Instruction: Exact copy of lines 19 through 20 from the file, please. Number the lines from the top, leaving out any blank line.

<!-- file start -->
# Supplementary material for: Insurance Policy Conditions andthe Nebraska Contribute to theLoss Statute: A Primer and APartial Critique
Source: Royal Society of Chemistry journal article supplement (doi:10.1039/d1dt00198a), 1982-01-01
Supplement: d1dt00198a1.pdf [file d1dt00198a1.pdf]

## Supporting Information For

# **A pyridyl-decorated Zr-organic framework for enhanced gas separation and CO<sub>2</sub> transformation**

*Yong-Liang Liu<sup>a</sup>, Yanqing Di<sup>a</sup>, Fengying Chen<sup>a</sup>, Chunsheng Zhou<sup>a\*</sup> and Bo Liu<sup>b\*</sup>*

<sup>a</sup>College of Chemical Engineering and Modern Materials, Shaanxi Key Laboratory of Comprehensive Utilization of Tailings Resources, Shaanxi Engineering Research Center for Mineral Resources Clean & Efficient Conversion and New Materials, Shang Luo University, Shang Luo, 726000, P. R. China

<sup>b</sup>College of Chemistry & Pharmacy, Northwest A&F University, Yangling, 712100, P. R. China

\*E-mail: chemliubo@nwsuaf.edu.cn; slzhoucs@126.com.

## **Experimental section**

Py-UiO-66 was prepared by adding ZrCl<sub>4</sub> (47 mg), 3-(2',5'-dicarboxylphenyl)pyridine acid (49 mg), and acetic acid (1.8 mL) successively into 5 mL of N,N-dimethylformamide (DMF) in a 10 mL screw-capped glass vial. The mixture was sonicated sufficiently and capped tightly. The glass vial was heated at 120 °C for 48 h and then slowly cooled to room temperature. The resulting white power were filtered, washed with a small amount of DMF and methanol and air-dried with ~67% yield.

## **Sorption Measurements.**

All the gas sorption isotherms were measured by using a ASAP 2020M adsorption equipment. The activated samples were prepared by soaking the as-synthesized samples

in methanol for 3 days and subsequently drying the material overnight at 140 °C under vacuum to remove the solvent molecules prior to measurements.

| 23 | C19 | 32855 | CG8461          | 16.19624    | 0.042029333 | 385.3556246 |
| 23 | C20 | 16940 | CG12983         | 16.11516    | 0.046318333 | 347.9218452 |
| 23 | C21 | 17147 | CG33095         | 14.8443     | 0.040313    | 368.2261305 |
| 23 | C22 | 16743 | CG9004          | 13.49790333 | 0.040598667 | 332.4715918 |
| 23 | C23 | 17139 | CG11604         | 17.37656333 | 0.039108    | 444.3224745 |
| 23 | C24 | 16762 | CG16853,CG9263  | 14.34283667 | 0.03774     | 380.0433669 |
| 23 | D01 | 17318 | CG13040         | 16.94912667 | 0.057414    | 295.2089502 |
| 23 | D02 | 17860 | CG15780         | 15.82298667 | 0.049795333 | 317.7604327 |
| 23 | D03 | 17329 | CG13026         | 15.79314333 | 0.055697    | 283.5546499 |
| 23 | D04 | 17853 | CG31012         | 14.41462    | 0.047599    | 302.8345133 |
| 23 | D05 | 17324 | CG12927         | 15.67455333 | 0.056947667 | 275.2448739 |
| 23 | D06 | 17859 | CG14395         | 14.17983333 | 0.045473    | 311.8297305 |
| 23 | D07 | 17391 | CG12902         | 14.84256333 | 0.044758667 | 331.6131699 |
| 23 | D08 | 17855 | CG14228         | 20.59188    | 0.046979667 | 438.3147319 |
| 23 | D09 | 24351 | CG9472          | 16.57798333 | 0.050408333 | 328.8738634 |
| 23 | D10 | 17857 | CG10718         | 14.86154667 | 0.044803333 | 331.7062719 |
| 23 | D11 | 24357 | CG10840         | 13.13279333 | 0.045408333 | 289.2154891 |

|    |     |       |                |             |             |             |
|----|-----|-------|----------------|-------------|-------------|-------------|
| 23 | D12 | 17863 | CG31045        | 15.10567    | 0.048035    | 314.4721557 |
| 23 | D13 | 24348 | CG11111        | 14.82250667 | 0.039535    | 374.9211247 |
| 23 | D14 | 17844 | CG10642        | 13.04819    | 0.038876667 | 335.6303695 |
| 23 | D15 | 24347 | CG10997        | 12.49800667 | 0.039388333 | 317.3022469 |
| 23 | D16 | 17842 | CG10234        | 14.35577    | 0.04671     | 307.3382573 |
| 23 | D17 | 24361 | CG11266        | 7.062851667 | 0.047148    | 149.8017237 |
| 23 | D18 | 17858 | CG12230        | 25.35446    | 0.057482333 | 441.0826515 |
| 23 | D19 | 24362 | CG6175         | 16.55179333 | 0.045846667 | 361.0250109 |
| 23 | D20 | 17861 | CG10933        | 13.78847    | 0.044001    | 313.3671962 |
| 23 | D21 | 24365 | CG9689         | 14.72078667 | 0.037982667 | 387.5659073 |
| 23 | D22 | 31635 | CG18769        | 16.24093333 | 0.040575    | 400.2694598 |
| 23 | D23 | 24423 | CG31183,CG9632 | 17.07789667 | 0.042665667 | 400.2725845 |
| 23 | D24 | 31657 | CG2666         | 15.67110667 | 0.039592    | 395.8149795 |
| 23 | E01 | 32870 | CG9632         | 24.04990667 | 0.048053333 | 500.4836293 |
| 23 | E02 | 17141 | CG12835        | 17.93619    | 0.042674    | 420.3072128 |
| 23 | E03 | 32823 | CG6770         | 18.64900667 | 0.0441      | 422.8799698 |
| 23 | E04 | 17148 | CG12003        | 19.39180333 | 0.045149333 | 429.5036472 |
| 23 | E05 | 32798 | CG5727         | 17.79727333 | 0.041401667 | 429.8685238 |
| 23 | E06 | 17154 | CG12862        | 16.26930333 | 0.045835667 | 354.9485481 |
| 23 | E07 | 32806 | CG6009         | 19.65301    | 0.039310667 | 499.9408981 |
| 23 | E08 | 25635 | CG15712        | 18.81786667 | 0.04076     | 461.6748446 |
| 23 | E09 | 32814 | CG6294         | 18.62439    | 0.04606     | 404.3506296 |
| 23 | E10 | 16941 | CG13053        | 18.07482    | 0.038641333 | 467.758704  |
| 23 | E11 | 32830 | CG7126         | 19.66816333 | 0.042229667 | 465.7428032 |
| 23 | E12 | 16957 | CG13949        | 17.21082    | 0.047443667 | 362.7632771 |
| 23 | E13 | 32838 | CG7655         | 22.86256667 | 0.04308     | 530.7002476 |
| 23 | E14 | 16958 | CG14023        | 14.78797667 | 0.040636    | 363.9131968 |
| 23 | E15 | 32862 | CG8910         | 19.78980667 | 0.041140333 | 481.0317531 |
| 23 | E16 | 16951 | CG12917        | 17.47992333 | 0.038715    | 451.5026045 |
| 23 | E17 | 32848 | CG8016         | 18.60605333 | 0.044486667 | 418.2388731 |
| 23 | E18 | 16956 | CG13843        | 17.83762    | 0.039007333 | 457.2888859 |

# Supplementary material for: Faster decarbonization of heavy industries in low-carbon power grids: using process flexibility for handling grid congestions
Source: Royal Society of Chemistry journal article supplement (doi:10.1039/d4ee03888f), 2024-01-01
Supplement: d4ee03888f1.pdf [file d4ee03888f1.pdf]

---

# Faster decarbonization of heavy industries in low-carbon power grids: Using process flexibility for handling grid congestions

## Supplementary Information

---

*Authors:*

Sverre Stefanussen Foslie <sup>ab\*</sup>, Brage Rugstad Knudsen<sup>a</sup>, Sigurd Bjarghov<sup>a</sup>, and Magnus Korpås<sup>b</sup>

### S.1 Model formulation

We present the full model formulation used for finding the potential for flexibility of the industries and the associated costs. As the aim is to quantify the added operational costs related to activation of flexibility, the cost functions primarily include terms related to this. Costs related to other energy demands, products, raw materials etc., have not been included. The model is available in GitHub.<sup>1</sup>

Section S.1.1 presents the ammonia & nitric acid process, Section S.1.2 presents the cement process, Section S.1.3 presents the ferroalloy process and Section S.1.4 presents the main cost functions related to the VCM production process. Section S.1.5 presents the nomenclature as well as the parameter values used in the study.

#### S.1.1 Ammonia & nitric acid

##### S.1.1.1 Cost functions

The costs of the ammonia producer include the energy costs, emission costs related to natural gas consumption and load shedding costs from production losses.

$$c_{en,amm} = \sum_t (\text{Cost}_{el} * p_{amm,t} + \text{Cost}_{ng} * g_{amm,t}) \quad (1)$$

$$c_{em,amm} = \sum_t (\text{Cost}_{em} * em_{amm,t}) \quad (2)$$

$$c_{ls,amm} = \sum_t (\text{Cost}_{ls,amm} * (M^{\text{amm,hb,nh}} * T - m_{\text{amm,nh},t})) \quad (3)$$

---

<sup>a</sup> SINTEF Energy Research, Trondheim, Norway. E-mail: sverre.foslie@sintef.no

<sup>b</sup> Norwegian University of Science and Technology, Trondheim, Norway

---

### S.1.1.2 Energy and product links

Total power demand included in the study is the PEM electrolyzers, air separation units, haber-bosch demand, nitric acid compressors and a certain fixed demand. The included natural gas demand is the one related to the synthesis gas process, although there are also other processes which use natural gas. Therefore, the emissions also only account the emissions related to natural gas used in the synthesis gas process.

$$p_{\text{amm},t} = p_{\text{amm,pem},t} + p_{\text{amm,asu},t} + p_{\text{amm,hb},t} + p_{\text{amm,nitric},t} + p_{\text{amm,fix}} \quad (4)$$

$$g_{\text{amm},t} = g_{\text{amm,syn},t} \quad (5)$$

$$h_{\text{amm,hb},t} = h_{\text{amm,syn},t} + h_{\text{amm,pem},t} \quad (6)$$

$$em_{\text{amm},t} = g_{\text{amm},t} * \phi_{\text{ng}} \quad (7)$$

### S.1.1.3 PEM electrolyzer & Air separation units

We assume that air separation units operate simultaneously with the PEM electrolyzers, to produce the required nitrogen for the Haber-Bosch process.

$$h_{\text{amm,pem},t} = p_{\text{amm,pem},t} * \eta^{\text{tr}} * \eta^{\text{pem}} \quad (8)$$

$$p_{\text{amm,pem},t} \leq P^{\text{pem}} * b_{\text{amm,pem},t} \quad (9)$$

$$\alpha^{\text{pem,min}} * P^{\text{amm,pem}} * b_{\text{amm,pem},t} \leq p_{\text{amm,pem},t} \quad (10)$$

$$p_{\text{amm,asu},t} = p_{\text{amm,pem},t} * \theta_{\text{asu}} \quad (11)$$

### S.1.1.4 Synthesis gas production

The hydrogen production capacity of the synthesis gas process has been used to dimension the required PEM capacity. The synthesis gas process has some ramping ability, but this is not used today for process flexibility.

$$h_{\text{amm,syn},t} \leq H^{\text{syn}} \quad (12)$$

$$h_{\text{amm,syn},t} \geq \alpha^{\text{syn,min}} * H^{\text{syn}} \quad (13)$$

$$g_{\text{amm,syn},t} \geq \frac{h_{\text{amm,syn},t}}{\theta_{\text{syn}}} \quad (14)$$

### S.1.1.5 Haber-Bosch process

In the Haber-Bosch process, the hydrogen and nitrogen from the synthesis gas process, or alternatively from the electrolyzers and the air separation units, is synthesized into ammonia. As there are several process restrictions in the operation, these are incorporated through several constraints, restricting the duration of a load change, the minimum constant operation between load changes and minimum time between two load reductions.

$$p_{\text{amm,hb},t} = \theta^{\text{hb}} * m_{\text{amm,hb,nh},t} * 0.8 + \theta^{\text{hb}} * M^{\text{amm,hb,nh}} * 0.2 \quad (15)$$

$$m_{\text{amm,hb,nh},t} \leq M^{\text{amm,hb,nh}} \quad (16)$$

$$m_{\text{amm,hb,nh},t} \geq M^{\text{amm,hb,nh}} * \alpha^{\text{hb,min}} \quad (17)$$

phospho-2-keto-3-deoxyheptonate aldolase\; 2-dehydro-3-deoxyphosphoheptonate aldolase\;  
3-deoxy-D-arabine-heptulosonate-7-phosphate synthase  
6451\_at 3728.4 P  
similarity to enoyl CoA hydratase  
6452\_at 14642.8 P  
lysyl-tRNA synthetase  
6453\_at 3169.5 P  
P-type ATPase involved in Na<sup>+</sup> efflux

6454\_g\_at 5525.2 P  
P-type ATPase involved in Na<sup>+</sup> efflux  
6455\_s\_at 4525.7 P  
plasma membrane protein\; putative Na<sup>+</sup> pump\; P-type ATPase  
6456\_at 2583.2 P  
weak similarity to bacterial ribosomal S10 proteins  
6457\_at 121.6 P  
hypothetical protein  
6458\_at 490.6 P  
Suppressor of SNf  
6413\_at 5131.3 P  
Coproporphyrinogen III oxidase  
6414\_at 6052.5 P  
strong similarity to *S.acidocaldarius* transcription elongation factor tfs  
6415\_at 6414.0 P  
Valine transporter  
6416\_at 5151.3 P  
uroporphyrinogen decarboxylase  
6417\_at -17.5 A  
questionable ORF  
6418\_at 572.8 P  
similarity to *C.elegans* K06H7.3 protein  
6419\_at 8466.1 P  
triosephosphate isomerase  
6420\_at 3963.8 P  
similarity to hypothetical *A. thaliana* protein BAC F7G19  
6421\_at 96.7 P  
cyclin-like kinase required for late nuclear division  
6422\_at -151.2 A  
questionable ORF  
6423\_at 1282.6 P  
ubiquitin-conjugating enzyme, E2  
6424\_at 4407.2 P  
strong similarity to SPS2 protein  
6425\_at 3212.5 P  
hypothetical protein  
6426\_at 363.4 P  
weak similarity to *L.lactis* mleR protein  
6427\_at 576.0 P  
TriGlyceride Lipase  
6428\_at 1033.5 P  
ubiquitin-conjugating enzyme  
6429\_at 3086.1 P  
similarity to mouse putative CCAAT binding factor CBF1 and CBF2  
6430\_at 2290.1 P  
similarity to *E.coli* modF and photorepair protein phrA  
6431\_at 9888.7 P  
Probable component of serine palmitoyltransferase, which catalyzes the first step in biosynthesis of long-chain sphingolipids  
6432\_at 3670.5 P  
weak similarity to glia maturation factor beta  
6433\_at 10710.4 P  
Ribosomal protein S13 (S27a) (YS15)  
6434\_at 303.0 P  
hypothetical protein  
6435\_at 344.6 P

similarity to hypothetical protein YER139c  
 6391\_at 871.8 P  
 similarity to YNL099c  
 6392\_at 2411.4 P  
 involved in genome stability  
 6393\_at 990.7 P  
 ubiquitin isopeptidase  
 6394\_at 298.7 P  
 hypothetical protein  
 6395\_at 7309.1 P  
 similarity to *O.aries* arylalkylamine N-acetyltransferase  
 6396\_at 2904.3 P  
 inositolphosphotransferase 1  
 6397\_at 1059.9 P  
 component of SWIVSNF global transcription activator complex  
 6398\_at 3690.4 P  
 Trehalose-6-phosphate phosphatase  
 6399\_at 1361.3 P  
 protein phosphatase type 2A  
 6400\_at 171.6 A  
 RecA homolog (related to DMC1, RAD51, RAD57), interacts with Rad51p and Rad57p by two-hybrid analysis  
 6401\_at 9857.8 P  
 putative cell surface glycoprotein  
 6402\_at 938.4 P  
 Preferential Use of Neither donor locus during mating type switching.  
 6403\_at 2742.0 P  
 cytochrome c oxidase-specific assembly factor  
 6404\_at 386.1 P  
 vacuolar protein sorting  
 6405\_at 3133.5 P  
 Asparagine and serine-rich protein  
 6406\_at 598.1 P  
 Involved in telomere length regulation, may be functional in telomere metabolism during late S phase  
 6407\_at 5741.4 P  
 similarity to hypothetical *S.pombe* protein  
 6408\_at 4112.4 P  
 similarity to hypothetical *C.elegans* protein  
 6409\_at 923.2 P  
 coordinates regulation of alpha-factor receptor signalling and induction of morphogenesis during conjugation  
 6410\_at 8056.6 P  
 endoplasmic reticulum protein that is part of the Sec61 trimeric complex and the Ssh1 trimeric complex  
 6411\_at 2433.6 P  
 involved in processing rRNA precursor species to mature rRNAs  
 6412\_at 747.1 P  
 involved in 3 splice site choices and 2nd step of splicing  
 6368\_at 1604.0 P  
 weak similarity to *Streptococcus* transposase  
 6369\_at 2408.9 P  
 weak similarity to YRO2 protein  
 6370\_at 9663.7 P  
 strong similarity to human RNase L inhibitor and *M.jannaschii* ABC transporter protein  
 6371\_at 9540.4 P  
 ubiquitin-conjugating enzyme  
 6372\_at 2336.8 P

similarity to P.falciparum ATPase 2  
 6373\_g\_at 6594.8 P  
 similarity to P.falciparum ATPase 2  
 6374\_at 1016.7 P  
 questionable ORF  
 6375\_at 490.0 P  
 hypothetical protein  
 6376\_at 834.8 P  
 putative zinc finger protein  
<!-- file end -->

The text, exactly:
| 23 | C23 | 17139 | CG11604         | 17.37656333 | 0.039108    | 444.3224745 |
| 23 | C24 | 16762 | CG16853,CG9263  | 14.34283667 | 0.03774     | 380.0433669 |